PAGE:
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Most homeowners are aware of the tax savings on the sale of a principal residence provided by Internal Revenue Code Section 121. Generally, if a property has been used as a principal residence for at least two of the five years preceding the sale, $250,000 ($500,000 for a married couple) of capital gain from the sale is exempt from taxation, except for any depreciation taken on the property since May 6, 1997. Many people are also aware of the potential tax benefits of an IRC Section 1031 like-kind exchange. Section 1031 provides that no gain is recognized on the exchange of business or investment property, if it is exchanged solely for replacement property to be held for business or investment purposes. The interaction between Sections 121 and 1031 has been clarified by the IRS in Revenue Procedure 2005-14.

Issued on February 14, 2005, the Revenue Procedure addresses the confusion that may arise when certain property qualifies for treatment under both Section 1031 and Section 121. It “applies to taxpayers who exchange property that satisfies the requirements for both the exclusion of gain from the exchange of a principal residence under Section 121 and the non-recognition of gain on the exchange of like-kind properties under Section 1031.” Since neither Section addresses the application of both Sections to the exchange of a single piece of property, the Revenue Procedure addresses transactions where the two Sections overlap; for example, when a taxpayer uses the property as a principal residence for two years, then converts it to a rental property for the next two years and sells the property in year five. At the end of the first four years in the example, the property would qualify for treatment under both Sections.

Prior to the new guidance, the taxpayer would need to choose which Section to apply in such an overlap scenario. Revenue Procedure 2005-14 permits the taxpayer to use both Sections by first applying the $250,000 tax exclusion available under Section 121 and then deferring any tax due on any remaining gain pursuant to Section 1031. This ruling is particularly beneficial to a homeowner who has accumulated more than $250,000 of capital gain on a principal residence and is interested in converting the residence to an investment property for the purpose of deferring taxation of the portion of capital gains which exceeds that amount.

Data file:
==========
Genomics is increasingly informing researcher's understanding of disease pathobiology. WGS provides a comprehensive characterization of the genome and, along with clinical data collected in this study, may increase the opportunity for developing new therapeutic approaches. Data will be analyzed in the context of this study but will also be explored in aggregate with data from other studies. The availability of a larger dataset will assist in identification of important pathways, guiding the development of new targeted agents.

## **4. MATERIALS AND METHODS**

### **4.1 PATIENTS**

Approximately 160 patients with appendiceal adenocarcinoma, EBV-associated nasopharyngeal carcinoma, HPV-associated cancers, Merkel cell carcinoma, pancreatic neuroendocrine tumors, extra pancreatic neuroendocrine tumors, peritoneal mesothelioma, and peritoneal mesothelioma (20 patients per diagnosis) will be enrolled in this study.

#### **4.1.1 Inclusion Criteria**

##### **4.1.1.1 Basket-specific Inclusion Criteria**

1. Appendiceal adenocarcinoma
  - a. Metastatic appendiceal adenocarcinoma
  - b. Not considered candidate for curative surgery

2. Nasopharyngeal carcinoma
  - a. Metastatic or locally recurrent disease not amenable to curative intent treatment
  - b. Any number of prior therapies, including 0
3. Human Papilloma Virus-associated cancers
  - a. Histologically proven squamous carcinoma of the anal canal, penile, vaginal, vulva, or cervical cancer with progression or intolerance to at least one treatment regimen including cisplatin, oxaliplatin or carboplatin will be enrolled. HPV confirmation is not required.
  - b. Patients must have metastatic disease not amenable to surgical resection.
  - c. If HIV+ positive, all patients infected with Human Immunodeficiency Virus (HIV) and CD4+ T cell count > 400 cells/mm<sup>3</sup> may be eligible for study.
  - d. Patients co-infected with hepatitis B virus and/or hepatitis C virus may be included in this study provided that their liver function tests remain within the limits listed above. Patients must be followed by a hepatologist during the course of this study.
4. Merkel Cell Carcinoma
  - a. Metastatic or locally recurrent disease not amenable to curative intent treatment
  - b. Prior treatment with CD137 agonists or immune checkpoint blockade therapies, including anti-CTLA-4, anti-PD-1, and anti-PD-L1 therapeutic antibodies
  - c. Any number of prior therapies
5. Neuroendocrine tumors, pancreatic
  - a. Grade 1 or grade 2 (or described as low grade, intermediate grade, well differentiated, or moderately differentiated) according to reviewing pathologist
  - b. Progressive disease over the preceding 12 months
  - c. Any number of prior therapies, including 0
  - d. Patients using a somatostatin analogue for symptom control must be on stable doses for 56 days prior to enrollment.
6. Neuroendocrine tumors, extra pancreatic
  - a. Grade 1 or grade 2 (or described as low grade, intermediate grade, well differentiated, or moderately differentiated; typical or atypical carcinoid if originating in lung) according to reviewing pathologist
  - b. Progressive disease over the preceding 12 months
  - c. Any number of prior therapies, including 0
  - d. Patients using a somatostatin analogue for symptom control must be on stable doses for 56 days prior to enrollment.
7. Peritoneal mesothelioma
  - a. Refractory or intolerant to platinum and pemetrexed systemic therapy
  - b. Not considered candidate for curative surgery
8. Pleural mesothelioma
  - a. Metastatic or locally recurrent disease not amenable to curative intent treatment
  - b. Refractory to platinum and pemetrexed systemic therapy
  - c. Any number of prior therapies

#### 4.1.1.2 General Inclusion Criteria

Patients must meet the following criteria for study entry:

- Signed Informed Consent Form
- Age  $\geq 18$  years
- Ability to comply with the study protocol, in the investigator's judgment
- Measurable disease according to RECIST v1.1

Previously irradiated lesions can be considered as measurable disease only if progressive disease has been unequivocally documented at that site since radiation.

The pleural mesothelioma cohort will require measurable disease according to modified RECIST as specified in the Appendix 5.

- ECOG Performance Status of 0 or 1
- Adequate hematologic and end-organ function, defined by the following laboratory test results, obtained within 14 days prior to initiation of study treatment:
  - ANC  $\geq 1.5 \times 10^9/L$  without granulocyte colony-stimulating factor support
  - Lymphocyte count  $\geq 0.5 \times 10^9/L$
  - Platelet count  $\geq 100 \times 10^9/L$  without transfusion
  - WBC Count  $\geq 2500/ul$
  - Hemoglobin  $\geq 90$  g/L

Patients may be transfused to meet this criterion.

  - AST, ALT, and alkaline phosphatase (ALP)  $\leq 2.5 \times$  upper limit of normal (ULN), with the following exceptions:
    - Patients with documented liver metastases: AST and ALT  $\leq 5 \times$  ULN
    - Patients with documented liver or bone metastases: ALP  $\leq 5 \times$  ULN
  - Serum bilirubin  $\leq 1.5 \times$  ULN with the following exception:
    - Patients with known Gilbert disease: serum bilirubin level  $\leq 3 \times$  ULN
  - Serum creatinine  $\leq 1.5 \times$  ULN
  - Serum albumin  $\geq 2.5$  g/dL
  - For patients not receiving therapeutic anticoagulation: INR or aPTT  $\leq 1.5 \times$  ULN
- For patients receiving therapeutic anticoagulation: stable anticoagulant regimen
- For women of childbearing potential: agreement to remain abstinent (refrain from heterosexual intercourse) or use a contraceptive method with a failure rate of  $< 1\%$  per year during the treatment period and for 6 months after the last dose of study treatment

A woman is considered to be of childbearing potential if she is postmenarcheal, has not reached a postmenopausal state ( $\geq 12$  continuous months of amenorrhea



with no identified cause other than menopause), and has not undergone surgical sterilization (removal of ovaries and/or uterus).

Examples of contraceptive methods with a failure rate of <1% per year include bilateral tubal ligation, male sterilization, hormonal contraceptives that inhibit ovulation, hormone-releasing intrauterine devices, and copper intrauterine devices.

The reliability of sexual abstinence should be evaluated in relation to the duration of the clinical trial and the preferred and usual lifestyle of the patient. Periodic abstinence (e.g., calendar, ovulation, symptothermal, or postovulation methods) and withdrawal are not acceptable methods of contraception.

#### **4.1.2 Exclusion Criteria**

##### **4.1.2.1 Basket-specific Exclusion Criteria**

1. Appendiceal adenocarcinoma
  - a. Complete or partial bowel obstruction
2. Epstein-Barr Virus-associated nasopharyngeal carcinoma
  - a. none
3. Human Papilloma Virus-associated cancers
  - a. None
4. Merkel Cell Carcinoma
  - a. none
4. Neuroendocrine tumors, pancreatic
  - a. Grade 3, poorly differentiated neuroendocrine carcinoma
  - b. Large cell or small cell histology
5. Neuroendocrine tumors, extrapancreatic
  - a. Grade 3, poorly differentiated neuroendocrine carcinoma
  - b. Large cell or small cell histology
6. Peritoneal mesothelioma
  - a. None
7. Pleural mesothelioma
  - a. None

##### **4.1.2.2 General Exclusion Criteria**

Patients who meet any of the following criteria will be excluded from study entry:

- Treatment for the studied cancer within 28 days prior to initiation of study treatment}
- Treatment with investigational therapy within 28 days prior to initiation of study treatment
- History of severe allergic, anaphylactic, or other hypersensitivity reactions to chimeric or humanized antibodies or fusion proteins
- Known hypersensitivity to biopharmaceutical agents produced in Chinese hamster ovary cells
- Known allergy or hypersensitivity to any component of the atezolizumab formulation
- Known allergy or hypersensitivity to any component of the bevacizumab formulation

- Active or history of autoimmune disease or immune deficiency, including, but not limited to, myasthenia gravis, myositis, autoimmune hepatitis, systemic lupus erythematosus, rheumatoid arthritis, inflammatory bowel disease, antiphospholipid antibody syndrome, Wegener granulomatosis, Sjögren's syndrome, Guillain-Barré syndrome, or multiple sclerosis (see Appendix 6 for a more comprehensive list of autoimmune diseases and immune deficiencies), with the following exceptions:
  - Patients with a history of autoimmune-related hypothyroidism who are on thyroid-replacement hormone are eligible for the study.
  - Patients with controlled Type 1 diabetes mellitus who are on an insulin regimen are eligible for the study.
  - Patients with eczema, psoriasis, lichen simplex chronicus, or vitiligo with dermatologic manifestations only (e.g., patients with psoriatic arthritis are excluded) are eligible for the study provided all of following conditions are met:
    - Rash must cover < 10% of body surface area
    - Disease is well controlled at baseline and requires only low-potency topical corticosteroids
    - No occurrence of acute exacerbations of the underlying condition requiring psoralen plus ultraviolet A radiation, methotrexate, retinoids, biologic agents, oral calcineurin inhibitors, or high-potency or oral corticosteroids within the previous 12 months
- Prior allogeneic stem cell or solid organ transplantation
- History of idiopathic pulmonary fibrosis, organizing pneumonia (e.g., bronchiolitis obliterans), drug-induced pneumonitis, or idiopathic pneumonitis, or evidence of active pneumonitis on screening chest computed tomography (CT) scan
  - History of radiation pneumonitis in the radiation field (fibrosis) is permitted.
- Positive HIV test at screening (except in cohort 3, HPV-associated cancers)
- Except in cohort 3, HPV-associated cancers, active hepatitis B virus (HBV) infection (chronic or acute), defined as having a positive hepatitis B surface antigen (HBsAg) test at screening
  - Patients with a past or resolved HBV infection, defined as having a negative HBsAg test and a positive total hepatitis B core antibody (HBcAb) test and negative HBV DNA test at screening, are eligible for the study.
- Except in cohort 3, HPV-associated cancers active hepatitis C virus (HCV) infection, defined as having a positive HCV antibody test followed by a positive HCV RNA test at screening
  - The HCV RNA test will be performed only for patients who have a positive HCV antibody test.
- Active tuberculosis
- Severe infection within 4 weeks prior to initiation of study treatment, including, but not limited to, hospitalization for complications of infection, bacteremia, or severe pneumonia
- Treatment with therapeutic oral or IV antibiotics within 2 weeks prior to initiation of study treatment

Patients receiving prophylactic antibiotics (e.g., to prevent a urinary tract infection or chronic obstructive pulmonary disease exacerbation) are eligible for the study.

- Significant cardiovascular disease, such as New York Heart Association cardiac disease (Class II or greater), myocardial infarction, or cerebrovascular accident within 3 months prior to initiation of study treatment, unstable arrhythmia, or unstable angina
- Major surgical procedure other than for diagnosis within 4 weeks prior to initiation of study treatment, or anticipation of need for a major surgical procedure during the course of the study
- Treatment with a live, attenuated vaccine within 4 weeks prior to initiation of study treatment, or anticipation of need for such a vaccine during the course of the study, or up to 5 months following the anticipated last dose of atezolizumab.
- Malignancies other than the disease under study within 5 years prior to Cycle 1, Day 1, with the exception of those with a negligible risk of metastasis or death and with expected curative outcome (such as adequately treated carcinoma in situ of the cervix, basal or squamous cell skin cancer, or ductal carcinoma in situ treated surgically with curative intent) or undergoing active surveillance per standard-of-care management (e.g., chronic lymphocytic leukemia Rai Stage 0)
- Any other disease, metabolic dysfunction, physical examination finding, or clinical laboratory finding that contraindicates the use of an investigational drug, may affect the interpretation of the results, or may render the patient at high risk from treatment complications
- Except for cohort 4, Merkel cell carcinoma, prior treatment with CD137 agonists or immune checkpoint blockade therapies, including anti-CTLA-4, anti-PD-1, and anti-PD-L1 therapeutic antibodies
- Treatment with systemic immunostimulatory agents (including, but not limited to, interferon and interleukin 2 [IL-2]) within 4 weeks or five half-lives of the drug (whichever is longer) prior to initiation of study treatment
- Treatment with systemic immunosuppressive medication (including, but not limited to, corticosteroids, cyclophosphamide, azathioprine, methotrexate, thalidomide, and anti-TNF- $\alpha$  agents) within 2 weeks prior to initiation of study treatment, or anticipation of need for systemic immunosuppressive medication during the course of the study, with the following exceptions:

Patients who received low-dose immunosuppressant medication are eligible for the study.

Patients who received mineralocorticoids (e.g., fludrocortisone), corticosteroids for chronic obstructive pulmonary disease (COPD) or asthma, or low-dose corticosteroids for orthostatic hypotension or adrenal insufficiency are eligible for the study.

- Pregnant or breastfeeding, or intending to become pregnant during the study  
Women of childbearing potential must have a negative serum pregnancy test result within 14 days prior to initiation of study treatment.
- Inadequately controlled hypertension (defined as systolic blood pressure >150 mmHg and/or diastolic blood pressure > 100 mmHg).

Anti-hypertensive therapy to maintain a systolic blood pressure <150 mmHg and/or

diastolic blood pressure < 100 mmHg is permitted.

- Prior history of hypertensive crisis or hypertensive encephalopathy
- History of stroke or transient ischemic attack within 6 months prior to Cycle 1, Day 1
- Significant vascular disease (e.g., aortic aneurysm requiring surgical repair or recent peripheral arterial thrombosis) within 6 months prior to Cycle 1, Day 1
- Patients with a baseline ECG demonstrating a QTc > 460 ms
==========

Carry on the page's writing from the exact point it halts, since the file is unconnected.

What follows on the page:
In the reverse scenario, where an investment property was acquired through a Section 1031 exchange and later converted to the taxpayer’s principal residence, the IRC provides that before Section 121 can be applied, the property must not only be the taxpayer’s principal residence for two years, but also be owned for at least five years.

The Revenue Procedure also addresses the sale of a property containing both a primary residence and a separate building used for investment or business purposes. In this situation neither the residence nor the separate building would qualify for treatment under both Section 121 and Section 1031. The Revenue Procedure provides that the gain on the sale of the residence could be excluded under Section 121, while the gain on the separate building could be deferred if the building were exchanged for replacement business property. In other words, any sale of the entire property would be treated as two separate transactions.

Finally, the Revenue Procedure addresses the situation where a taxpayer uses a portion of his or her principal residence as a business office. It provides that the taxpayer could exchange the property and apply the $250,000 exclusion available under Section 121 to any gain (including the portion of any gain realized in cash or taxable “boot”). Note, however, that the portion of any gain attributable to depreciation deductions taken since May 6, 1997 would not be excludable under Section 121, but could be deferred under Section 1031, and that any gain in excess of $250,000 that is applicable to the principal residence portion of the property is neither excludable under Section 121 nor deferrable under Section 1031.

While the IRS has provided considerable guidance and increased potential tax savings for qualifying taxpayers, the technical tax considerations for each situation should be closely evaluated by an attorney or an independent tax advisor.

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